Simon Calder: The Circle line - about to spiral out of control

Travel certainties are rare, and mostly negative. Inadvertently sail your yacht into Iranian territorial waters, and you can be sure that the authorities will not point you in the right direction and bid you a cheery farewell. Turn up one minute late for your Ryanair flight, and the ground staff will not give you a knowing wink and usher you on board with a smile.

One outstanding positive certainty, though, has prevailed through your entire life: the London Underground's Circle Line.

Tilt Frank Pick's marvellous Underground map on its side, and the Circle Line comes into focus: it's the one shaped like a wine bottle. And, in the event that you have enjoyed a glass too many at a Christmas gathering, you can rely upon it to get you home: wherever you get on, and whichever direction you take it, you are sure eventually to end up at your chosen main-line terminus, be it Victoria, Paddington, King's Cross or Liverpool Street.

The Circle Line predated the M25 by more than a century in orbiting London. For the last 125 years, weary, inebriated or plain confused visitors to the city have been rescued by the Circle Line.

That familiar yellow line connects many of the capital's tourist attractions: the museums of South Kensington, Madame Tussaud's at Baker Street, and the Tower of London. But next weekend, chaos will replace order. "The new extended Circle Line" promises fewer delays. The problem is, it no longer forms a complete circle in the manner of Glasgow's Subway and the Moscow Metro line 5. Instead, it uses existing tracks in a curious spiral arrangement that catches up with itself at Edgware Road and then flies off at a tangent to Hammersmith. These termini will henceforth be known as the Stations of the Cross: they are the places where ill-tempered travellers discover that the term "Circle" was a fib, and are forced to find alternatives.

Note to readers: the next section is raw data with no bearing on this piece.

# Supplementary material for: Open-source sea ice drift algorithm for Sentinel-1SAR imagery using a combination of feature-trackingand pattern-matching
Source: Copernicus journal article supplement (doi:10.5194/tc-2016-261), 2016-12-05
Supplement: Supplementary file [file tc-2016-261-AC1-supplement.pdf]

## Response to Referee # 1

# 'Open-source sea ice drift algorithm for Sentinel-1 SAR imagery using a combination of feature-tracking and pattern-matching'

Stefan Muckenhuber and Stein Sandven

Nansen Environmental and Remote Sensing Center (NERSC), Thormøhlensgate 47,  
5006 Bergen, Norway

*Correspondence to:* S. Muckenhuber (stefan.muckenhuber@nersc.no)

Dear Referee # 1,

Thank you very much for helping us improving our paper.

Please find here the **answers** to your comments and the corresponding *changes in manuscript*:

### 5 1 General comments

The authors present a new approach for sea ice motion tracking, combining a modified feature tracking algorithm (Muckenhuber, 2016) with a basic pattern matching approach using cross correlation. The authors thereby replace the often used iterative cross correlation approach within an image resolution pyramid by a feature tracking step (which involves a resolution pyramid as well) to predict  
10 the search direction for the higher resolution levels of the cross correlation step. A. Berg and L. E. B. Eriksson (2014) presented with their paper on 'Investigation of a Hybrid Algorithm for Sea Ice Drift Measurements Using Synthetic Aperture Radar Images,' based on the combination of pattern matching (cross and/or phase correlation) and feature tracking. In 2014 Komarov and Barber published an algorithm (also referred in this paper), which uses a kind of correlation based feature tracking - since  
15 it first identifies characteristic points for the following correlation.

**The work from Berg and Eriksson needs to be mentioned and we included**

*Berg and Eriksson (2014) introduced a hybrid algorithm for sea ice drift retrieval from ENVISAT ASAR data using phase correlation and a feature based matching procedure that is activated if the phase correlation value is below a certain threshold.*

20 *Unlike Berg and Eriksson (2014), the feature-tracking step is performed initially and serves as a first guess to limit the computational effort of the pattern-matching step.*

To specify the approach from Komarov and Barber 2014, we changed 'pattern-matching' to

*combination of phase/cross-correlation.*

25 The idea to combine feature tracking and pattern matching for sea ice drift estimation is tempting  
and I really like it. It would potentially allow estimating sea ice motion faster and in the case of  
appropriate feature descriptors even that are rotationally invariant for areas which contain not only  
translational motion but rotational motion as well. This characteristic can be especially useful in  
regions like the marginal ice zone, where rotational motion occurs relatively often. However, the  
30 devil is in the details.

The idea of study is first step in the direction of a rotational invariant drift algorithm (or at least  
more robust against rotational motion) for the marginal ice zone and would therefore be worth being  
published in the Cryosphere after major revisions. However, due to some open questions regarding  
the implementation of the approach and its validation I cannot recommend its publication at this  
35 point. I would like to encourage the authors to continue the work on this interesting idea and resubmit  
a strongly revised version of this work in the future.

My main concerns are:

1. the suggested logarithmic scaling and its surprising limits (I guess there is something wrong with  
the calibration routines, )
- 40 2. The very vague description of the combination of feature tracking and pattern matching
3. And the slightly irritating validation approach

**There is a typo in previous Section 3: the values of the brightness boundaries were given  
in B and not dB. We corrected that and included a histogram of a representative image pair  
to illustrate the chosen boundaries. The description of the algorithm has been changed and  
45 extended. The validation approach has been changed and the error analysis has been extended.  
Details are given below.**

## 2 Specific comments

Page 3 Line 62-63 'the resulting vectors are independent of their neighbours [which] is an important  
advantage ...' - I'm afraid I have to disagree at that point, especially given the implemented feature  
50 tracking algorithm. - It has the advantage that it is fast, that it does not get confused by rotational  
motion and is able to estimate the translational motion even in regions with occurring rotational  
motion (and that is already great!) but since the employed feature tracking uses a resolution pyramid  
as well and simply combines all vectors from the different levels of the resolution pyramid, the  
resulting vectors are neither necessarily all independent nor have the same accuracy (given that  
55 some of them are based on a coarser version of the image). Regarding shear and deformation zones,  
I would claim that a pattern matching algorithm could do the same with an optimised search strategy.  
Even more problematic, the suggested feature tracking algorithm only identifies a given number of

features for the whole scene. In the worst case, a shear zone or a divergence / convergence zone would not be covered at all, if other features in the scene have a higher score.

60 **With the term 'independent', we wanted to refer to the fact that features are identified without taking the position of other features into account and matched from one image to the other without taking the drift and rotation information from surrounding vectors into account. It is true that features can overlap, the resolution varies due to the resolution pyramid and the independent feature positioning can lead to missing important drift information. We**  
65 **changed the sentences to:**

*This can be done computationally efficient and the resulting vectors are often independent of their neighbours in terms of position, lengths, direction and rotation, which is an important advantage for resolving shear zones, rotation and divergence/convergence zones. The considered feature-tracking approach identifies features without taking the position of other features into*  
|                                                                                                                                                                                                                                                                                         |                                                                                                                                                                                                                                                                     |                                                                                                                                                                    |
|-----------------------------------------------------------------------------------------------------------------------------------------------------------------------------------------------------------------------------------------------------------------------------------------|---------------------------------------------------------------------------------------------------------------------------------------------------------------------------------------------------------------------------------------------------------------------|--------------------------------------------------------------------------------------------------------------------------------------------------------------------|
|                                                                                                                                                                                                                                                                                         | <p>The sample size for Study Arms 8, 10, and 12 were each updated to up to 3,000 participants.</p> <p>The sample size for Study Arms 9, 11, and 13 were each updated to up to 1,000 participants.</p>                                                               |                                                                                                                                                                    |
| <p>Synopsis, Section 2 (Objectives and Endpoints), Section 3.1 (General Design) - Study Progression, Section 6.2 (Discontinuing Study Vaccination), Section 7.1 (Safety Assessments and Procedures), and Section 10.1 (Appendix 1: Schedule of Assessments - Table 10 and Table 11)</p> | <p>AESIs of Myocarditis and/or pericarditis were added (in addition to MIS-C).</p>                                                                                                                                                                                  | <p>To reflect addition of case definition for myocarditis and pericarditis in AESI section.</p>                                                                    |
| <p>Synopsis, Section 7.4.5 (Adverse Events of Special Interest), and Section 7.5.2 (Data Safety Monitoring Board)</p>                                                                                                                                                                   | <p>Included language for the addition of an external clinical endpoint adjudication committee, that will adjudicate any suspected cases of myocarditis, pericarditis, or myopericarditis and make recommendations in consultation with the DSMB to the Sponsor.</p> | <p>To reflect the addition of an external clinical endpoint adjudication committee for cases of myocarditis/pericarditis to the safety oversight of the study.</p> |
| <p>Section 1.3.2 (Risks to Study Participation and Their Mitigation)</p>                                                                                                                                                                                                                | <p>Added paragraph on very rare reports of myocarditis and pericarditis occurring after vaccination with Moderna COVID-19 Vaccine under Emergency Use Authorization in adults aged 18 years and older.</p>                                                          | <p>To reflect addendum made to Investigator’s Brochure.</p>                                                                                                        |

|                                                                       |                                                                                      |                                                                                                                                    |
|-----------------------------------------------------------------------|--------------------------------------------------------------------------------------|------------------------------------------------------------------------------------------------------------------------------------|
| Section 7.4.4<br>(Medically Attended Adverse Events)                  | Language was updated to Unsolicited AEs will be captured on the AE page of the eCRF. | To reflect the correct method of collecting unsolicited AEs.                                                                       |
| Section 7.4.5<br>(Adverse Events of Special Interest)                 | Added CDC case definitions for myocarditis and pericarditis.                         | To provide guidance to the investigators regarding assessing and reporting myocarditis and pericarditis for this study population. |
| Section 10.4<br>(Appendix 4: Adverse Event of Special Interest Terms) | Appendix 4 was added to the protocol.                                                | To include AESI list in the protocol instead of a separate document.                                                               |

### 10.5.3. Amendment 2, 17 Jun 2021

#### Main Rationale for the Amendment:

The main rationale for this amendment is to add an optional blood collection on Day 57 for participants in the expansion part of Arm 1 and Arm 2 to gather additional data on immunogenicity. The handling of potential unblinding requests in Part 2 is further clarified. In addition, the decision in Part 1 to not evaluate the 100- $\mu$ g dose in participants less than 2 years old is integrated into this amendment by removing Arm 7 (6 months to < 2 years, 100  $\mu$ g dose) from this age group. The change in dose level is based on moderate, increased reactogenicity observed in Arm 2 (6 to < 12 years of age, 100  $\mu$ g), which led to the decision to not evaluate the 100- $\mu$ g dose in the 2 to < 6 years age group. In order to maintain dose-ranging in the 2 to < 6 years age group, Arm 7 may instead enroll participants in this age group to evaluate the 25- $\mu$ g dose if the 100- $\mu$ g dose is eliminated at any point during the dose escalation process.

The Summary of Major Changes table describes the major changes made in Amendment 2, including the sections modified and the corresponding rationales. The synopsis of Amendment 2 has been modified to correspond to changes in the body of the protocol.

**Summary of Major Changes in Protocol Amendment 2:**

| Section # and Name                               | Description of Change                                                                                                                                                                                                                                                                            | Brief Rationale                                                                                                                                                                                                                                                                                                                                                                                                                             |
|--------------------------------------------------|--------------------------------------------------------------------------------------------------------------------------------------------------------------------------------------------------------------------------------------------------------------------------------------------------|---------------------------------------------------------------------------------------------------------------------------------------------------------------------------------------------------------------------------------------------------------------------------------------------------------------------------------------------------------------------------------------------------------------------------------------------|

Marcel Proust, a man with some profound thoughts on discontinuities in life, said "We must never be afraid to go too far, for truth lies beyond". Tourists who find themselves waiting in W6 when they want to be at Westminster may disagree.

The Underground always involves a suspension of disbelief. Despite the name, most of the system runs above ground. The Tube map is a cartographic triumph, but it bears little relation to reality on the surface. You can demonstrate this by walking from Bond Street to Notting Hill Gate (about three miles), even though it looks the same distance as Borough to London Bridge (500 yards). The only thing "Central" about Epping and West Ruislip is the 34-mile thin red line that unites them. And which Tube line extends furthest south? The Northern Line.

Tourists can accept such fibs. But the change that takes effect on Sunday 13 December is a transformation too far. London will lose a great strength, and gain the most perversely shaped urban rail line on the planet.

Want to travel from the shops of High Street Kensington to the Eurostar terminus at St Pancras? Until next weekend, you can trundle eight stops in a clockwise direction. Thereafter you must choose between 19 stops counter-clockwise or an awkward change of trains at Edgware Road (where, to spice things up for foreign tourists, there are two separate stations, not to mention Edgware itself at the end of the Northern Line). And anyone arriving at Paddington station by main-line train or Heathrow Express hoping to go further west than one stop to Edgware Road needs to locate the distant and obscure platform 16, right at the end of a long walk and a crowded staircase.

Mind the gap, indeed

Sky-high fares for the Underground's 'helix to hell'

The new "Circle" line has been described as a "teacup" or a "tadpole". It looks to me like a helix to Hell (or Hammersmith). Whatever you call it, the line shares with the rest of London's Underground the unwelcome distinction of having the highest cash fare for any system in the world: £4, even if you only travel the 250 yards between Cannon Street and Mansion House.

Investing £3 as down-payment on an Oyster stored-value card is worthwhile even if you are only an occasional visitor; the fare shrinks to £1.60. This still compares unfavourably with Glasgow's still-circular Subway (a flat, fair £1.20). A trip of any length on the Moscow Metro costs 22 roubles (45p), while the longest possible journey on the Kolkata Metro is 8 rupees (10p).

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